The Lost Art of Rebellion
I think your 20s is a sophomoric period where you should be having fun, being very experimental. Unfortunately now, because of the economy, people in their 20s have become very focused on finding a job and being very pragmatic. So it’s almost like they’ve grown up very young and they deal with these financial pressures and some grim uncertainty about the future at a very young age, which for a while there I thought “Oh God, they’re just being pathetic, they need to relax and sparkle and have fun.” That’s what you’re supposed to do in your 20s.
Then I realized there aren’t that many jobs and this is a real situation where young people emerging from college are actually having a very difficult time, so I became more sympathetic to that situation.
But I think you can be organized and pursue the goal of getting a job, not even a good job, just a job. But then in your spare time, make sure that the rest of your time isn’t spent in the fetal position worrying about your future, that you’re actually out carousing and being silly and having fun and rebelling a little bit. I think rebellion is sort of a bit of a lost art really because kids don’t have so much to rebel against.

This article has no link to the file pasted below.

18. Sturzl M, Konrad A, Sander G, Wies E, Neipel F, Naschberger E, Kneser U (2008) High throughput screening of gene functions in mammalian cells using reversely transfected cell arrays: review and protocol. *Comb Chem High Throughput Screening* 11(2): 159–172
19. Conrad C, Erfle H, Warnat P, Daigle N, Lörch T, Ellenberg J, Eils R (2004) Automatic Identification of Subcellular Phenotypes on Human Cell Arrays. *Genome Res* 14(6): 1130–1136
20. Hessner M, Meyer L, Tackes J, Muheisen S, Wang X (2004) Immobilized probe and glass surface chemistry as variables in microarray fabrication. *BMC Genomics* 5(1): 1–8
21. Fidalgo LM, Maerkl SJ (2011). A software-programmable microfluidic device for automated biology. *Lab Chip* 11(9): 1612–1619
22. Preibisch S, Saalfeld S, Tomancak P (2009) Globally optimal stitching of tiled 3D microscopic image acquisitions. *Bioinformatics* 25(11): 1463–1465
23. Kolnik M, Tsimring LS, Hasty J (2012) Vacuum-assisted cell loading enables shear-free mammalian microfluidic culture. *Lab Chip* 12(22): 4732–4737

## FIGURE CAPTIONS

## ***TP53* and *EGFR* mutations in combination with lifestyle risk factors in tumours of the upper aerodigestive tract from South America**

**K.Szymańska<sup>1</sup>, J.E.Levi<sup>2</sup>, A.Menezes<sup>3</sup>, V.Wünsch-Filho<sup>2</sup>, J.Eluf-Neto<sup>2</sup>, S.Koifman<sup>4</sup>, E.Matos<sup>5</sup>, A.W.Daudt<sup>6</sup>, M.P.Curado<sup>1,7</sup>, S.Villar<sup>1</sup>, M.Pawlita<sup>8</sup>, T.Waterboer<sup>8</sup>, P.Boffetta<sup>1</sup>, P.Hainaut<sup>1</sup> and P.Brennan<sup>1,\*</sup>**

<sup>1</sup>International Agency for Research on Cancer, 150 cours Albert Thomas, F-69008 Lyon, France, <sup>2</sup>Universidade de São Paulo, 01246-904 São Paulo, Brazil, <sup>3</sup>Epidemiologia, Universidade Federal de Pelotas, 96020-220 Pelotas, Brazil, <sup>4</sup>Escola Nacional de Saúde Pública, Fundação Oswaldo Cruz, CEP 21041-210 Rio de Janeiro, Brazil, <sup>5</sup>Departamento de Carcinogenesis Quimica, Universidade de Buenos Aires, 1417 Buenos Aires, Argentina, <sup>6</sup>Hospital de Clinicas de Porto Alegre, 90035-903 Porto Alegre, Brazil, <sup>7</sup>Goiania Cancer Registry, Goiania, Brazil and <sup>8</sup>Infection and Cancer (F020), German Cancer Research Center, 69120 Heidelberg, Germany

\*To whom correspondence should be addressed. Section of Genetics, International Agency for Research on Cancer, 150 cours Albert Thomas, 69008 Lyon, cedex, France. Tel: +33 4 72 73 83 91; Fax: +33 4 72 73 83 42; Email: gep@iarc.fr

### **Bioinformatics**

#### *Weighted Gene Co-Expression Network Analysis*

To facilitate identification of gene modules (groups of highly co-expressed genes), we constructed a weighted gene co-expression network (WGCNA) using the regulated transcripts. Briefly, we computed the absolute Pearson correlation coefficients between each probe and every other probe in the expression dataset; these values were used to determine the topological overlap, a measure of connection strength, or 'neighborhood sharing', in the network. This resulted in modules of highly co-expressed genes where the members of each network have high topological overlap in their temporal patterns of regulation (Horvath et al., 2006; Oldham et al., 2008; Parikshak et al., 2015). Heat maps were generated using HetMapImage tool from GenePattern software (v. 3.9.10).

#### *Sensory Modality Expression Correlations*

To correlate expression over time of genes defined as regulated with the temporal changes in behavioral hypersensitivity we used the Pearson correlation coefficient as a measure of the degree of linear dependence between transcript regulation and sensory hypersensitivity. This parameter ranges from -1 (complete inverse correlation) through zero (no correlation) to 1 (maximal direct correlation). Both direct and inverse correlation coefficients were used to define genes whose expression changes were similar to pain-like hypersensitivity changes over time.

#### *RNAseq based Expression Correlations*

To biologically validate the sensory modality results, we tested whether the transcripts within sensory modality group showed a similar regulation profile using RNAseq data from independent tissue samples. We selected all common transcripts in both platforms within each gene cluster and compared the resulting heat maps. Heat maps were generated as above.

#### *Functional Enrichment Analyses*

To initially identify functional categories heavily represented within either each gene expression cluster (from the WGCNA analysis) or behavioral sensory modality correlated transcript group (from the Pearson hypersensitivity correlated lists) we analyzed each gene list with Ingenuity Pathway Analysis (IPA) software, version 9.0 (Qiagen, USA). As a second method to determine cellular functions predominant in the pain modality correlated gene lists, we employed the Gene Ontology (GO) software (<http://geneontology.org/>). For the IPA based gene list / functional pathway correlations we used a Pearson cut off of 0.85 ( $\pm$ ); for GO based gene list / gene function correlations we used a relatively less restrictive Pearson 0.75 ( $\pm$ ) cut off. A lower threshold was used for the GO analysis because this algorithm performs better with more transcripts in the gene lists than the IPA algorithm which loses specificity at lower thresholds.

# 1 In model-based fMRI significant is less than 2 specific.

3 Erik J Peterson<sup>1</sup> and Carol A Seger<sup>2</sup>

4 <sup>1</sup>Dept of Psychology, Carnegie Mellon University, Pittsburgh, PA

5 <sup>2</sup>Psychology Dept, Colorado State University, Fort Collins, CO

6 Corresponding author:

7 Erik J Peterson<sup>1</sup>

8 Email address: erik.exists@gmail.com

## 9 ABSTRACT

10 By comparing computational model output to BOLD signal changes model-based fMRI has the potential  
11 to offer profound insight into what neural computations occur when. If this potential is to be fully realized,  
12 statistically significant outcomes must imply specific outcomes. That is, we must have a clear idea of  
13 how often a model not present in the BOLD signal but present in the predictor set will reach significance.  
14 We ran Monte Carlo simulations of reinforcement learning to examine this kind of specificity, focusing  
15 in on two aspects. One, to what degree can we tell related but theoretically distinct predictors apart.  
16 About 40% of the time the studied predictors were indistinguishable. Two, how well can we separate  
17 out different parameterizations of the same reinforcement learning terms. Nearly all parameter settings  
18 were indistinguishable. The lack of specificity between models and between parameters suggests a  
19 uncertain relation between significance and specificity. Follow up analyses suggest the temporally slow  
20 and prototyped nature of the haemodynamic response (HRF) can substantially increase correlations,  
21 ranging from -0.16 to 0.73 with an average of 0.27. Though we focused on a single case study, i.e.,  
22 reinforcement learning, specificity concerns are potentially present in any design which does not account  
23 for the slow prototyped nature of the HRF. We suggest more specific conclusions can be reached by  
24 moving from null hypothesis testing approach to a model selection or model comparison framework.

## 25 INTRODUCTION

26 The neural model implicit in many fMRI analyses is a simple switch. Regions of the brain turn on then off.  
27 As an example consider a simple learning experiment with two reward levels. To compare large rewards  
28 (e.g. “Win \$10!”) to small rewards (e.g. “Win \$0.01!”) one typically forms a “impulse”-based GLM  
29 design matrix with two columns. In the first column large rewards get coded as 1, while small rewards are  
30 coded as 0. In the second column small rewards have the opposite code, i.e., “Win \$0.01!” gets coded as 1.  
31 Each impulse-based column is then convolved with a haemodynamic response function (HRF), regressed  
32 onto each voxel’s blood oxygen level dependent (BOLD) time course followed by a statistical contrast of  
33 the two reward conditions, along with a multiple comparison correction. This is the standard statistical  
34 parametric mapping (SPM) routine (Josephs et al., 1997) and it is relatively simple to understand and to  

They have fantastic relationships with their parents, there isn’t that weird schism. I mean when my sister and I—she’s also gay—when we left and went to college like there was such a chasm between us and our parents. My mom was like a 1940s drag queen who’d wear a long-line girdle and nylons and never left the bedroom without hair all done and full makeup, and my sister was a full-on counterculture right-on sister. So they couldn’t have been more different, whereas now they’re very similar. They wear the same clothes, mothers and daughters, and which I thought is a drag because they can’t rebel.
But on the other hand, they seem to have great relationships with their parents and that can only be a good thing, right?
In Their Own Words is recorded in Big Think’s studio.
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